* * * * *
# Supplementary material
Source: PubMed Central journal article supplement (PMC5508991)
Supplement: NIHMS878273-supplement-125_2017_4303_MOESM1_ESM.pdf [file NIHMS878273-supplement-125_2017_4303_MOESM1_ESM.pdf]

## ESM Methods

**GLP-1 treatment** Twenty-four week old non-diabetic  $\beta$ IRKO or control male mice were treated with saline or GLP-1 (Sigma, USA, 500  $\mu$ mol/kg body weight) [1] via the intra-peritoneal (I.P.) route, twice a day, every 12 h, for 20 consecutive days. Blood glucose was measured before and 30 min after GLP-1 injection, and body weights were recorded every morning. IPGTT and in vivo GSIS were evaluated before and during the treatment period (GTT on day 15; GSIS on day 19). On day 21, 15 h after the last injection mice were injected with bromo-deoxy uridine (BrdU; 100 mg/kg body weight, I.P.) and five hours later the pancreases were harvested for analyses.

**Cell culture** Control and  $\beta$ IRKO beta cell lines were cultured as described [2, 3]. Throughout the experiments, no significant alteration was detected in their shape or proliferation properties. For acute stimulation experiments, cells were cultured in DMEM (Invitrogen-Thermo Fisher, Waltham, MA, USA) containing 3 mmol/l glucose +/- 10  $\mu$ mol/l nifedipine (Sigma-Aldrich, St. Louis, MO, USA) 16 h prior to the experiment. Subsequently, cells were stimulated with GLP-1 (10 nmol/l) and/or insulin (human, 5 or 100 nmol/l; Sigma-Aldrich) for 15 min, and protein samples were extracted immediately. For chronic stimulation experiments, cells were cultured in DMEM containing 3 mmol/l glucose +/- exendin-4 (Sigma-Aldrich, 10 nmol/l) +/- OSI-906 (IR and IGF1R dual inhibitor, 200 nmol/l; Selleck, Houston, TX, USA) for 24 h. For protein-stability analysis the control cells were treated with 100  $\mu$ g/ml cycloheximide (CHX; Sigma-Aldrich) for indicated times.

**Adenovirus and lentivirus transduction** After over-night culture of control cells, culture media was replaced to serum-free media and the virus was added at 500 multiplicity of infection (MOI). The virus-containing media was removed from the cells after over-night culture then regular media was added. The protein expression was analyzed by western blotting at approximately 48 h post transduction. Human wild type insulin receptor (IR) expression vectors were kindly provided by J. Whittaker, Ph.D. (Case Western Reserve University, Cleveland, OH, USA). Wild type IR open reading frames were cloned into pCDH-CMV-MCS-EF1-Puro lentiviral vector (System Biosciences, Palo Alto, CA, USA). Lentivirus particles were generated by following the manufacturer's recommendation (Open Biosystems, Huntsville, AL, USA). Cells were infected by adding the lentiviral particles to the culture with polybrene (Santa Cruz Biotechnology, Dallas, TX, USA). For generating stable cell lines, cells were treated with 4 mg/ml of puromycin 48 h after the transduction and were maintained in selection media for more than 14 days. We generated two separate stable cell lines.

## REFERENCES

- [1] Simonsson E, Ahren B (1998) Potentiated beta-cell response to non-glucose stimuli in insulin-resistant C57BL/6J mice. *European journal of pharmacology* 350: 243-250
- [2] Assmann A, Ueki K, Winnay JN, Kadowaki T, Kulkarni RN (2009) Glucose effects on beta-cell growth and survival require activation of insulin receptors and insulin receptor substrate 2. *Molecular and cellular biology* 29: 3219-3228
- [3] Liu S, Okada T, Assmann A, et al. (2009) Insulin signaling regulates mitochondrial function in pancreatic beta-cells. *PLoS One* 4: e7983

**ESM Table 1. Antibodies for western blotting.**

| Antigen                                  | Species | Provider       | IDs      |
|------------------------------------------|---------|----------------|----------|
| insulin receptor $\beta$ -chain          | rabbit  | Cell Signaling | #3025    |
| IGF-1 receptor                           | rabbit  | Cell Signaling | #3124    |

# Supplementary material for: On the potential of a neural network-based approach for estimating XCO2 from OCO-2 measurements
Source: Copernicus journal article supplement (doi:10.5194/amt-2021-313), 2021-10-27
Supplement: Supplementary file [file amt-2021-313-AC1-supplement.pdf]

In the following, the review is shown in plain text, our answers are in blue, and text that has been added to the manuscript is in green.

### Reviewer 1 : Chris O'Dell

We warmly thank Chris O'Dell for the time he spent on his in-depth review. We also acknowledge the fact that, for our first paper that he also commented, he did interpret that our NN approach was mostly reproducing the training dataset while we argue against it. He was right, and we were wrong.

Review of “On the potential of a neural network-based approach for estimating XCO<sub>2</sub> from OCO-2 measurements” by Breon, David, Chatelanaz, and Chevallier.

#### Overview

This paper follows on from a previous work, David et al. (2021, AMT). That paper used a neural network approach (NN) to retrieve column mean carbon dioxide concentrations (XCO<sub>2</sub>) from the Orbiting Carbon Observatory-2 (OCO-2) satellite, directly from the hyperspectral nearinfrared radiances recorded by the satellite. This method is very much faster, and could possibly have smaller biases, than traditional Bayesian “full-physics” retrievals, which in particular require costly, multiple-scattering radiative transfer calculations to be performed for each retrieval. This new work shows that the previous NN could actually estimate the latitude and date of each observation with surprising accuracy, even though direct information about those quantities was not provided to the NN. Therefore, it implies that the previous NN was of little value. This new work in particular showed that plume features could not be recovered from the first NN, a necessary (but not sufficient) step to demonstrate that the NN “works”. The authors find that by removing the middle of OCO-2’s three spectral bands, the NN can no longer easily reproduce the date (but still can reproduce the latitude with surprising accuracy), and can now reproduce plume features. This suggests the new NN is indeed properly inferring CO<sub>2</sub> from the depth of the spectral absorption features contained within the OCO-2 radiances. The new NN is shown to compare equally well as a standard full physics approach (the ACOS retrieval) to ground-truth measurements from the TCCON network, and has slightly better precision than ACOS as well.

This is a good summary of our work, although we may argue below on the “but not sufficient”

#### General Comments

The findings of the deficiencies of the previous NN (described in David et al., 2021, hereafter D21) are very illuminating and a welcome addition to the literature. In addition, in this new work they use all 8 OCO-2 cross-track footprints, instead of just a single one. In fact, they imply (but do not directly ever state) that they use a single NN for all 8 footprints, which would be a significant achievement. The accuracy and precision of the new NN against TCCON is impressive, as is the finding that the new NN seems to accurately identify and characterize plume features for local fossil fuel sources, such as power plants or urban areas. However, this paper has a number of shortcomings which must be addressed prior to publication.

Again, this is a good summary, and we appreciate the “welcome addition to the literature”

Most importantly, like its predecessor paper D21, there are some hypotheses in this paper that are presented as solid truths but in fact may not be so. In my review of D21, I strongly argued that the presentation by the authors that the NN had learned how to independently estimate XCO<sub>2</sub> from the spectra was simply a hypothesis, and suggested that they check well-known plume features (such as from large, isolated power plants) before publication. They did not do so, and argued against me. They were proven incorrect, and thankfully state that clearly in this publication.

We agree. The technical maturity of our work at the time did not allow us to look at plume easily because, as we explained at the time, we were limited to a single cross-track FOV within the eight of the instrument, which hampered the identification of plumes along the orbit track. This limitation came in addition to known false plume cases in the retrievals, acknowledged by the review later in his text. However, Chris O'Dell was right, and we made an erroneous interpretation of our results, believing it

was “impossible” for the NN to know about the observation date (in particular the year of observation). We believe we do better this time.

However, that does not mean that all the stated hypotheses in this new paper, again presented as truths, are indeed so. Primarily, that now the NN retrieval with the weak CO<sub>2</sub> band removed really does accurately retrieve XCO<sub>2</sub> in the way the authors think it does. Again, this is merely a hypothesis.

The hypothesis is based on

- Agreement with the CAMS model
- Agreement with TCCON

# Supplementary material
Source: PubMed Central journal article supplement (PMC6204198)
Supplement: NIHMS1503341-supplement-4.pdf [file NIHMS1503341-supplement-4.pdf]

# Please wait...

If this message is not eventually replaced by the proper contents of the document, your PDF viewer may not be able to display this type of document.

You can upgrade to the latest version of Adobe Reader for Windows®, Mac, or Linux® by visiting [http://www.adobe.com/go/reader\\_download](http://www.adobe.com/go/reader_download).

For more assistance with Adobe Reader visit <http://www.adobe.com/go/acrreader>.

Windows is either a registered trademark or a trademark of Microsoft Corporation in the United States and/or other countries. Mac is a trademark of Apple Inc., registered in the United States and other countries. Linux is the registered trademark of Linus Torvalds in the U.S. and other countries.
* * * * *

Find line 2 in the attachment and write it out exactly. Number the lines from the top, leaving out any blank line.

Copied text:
Source: PubMed Central journal article supplement (PMC5508991)